* If the climate isn't what you're used to driving in (e.g., ice on the roads), get some practice before venturing out.
* Do all the rock-and-roll you want (just keep the volume below hearing-damage levels)
V Drugs and alcohol
* Mostly, it's illegal, and in some states the penalties are draconian (often much harsher than when your parents smoked dope in the 60s). Your dorm may be dreary, but it beats a jail cell; the food's better, too. Work to change the laws if you want, but be careful about risking your future, and be careful of people who say, "Oh, come on; nothing's going to happen; they don't really care; I've never been hassled before; everybody does it; they don't bust college students."
* Nobody really knows the long-term health effects of casual, recreational drug use. There are no pharmaceutical companies funding closely controlled studies of coke or speed or even marijuana.
* If you plan to experiment anyway, do it on your own terms where it's totally safe. You don't know just how you'll react. Have a trusted friend nearby. Make sure you have a way to get home.
V Sex
* Sex is your personal choice. Do it only when you, yourself are ready, willing, and able (and then, only when your partner is the same). If that's not during your college years, that's fine, no matter what anyone else has done or is doing. Anyone who tries to encourage you after you have declined is not a friend.
* Always practice safe sex. Every single time, no matter how passionate the moment. Be careful of anybody who encourages you to do otherwise, no matter how much you like them, no matter what they say.
V Parties
V College parties are part of the experience.
* Avoid the punch. Heaven knows what's in it.
* Head home when the rowdiness level gets too high. Always carry money for a cab.
* Head home if you see illegal drugs. A bust doesn't discriminate between users and bystanders.
* You can also meet people in class, in campus activities and organizations, in community activities. You can have real conversations in most of those places, too.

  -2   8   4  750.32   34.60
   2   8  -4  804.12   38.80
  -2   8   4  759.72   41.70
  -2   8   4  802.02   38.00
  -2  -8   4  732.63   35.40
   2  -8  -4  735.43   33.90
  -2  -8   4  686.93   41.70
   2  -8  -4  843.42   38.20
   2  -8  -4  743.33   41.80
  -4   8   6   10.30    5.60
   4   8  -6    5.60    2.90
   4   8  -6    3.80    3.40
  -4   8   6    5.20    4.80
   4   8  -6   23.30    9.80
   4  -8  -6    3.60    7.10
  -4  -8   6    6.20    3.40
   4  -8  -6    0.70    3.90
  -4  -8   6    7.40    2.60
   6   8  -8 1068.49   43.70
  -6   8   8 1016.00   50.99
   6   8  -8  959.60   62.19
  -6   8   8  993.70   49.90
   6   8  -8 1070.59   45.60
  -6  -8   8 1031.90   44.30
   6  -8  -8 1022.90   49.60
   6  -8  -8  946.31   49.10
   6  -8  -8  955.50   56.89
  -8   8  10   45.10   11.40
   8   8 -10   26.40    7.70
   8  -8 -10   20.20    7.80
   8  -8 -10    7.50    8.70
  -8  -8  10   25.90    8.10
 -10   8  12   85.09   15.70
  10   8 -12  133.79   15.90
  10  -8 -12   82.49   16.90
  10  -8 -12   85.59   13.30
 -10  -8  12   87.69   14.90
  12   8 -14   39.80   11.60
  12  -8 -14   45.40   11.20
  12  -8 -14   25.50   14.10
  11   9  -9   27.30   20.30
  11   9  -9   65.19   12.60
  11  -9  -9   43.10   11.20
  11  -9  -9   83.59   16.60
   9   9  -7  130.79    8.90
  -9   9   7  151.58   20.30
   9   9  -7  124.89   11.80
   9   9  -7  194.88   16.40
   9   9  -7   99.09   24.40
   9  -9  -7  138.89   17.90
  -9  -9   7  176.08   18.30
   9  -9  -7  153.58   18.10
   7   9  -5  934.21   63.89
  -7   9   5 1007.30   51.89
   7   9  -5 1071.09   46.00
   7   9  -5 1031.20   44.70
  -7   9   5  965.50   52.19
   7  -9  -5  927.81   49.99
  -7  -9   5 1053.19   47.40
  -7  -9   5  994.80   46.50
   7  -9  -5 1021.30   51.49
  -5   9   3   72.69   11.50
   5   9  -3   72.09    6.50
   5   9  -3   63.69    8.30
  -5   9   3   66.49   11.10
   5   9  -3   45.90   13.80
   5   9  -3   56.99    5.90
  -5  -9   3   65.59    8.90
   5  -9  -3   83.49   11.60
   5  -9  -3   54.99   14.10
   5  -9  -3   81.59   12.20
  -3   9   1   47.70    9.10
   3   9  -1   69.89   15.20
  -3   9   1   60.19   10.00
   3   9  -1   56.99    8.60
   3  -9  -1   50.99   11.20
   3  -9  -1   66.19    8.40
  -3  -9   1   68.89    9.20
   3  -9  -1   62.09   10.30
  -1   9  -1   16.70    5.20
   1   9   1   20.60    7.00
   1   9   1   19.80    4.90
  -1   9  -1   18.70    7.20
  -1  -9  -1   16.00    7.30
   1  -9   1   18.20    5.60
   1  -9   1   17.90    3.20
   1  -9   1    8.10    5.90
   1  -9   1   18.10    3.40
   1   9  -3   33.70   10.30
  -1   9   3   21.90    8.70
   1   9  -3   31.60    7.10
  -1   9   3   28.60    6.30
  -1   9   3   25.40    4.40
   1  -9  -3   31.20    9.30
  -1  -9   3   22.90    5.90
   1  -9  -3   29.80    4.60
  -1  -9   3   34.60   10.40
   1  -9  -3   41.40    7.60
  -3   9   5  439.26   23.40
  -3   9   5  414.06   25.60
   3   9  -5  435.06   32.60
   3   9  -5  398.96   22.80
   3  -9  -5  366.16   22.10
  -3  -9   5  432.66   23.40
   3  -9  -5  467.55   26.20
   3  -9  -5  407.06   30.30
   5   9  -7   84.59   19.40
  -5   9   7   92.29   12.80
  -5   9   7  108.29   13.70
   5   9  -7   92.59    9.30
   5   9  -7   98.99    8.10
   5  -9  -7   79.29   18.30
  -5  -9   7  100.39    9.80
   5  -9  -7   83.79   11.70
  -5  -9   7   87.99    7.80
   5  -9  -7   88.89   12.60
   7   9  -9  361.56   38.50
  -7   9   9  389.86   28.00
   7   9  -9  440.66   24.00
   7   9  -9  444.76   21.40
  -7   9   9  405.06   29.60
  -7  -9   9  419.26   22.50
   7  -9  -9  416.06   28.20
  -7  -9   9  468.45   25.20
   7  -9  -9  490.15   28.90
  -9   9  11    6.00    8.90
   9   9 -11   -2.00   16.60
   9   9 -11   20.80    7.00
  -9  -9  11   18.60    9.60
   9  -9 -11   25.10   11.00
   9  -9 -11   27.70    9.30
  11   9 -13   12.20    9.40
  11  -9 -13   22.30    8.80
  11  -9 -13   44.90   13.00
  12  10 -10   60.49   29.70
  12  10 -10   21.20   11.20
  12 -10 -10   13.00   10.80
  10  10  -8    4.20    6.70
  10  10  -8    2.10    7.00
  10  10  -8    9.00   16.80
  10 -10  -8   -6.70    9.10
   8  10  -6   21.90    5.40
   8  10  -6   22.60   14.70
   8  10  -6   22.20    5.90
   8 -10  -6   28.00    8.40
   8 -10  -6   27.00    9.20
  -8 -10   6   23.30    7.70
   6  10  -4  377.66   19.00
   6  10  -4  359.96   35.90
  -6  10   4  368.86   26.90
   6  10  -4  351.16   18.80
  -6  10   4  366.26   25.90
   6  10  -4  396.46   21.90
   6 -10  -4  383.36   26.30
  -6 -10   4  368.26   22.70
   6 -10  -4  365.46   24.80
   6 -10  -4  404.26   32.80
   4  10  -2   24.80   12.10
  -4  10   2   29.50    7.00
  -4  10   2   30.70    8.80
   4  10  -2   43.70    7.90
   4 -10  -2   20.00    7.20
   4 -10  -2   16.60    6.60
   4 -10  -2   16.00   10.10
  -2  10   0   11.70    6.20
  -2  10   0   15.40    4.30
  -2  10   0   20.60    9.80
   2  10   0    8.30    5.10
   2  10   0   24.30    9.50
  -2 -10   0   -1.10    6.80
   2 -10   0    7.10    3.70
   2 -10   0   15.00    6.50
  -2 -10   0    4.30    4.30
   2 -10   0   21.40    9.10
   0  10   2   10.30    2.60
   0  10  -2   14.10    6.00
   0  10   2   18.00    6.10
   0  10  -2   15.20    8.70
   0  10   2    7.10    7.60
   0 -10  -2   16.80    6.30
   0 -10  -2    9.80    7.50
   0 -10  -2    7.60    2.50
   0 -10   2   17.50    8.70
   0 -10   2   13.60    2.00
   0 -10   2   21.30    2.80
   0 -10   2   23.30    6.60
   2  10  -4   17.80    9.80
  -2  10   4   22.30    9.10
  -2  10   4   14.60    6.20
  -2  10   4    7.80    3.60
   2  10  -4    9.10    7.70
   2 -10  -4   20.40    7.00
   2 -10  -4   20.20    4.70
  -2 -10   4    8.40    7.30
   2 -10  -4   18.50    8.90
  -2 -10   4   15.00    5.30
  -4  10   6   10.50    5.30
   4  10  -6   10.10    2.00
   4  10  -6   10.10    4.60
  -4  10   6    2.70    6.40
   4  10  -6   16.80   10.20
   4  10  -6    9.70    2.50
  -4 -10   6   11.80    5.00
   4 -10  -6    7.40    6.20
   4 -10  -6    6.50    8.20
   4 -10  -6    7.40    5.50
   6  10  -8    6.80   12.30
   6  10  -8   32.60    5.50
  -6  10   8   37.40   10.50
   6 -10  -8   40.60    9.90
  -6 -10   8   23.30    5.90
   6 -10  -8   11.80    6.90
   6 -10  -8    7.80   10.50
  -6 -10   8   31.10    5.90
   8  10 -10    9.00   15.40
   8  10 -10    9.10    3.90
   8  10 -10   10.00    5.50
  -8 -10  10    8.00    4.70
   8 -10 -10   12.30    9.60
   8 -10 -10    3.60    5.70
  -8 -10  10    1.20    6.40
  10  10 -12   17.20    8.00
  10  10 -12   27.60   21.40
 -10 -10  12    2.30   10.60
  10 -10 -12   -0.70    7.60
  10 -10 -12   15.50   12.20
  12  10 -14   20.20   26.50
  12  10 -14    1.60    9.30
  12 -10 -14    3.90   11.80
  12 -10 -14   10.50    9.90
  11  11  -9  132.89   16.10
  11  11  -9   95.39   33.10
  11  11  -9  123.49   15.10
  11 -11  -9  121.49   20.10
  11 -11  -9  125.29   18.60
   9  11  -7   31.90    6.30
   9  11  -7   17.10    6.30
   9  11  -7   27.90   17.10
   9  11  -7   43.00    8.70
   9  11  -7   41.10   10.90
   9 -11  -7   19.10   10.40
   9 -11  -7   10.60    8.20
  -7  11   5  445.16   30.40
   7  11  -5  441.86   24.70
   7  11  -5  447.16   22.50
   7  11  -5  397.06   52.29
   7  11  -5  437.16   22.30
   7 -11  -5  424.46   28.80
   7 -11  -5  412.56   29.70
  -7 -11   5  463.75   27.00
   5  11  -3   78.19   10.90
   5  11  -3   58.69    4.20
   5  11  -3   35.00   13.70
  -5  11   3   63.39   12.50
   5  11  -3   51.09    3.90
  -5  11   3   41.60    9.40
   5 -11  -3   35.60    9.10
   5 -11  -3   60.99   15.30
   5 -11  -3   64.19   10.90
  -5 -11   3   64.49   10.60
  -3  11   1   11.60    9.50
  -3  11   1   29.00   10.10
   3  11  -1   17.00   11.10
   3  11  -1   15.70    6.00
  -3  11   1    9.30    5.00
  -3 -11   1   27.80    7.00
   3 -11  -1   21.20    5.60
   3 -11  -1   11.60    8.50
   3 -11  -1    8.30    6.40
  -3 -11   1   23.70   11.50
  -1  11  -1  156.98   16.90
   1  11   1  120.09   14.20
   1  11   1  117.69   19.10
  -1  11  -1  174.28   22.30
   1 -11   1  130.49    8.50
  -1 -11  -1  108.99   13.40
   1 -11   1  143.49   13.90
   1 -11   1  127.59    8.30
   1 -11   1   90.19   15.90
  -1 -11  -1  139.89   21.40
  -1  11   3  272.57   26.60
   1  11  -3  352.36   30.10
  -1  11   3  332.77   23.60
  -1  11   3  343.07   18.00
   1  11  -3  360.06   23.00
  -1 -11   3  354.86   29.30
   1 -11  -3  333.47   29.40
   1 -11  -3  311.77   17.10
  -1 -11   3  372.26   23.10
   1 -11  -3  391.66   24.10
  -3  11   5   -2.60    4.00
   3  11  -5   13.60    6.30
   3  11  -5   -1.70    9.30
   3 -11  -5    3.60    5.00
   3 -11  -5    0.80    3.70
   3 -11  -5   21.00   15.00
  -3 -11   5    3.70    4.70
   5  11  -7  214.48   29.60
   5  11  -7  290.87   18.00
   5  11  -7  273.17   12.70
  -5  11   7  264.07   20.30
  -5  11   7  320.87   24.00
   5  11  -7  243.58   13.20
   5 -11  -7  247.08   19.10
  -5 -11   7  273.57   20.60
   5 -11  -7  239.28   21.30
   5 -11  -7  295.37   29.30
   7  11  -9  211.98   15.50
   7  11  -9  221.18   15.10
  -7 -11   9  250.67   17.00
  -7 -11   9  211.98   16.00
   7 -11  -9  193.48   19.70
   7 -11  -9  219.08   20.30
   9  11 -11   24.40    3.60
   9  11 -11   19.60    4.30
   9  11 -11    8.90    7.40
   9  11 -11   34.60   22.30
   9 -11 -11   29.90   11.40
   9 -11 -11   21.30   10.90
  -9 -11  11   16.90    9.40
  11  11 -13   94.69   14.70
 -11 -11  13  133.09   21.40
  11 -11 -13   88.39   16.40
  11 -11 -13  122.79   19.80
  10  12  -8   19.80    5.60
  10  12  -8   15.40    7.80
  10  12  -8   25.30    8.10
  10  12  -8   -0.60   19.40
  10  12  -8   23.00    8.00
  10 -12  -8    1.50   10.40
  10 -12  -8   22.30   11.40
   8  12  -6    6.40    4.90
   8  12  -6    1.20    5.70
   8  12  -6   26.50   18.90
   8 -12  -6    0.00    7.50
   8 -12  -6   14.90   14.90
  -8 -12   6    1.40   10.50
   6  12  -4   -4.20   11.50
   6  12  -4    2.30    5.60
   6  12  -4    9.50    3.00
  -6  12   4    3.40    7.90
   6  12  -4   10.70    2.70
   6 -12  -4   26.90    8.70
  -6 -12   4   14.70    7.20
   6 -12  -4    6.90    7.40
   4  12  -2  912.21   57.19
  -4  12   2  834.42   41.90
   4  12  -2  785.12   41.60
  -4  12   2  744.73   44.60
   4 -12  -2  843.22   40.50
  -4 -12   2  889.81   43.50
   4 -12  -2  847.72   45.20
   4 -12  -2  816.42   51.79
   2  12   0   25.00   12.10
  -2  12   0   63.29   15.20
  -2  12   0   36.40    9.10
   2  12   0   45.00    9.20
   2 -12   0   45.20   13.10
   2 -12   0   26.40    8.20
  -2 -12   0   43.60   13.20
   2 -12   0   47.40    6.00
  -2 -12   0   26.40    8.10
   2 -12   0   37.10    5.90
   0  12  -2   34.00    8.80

V Finance
* If you have a credit card, keep track of everything you charge and how much your current balance is. Your monthly bill should never be a surprise. Pay your bill in full every month without fail. This builds a credit rating and saves you from the voracious jaws of the credit card companies, who want nothing more than for you to build up a huge balance at 29% interest.
V Health
* Look out for the "freshman 15" pounds you might gain because food is readily available. Don't subsist totally on junk food. Try to get some regular exercise (which is a good stress reliever, too).
* During cold and flu season especially, wash your hands frequently, avoid contact with sniffling people, try not to touch your face after touching door handles. It's no fun to miss class because you're sick in bed.
* Eat right. Dress warm. Your mother was right.
V You can try to do it all, but don't do it all at once.
* You have a lot of options and a lot of freedom, but don't dive right into the deep end. Don't start skipping class just because you can. Don't stuff yourself just because your favorite foods are available 24/7. Don't stay up all night just because nobody says lights-out. A certain amount of experimentation is good; you don't want to be exactly the same person you were in high school. But try one thing at a time, more or less. A certain amount of testing your limits is also good: How many classes can you take in one term? How good a grade can you get if you write the paper in one all-nighter? But don't expect any significant short-cuts.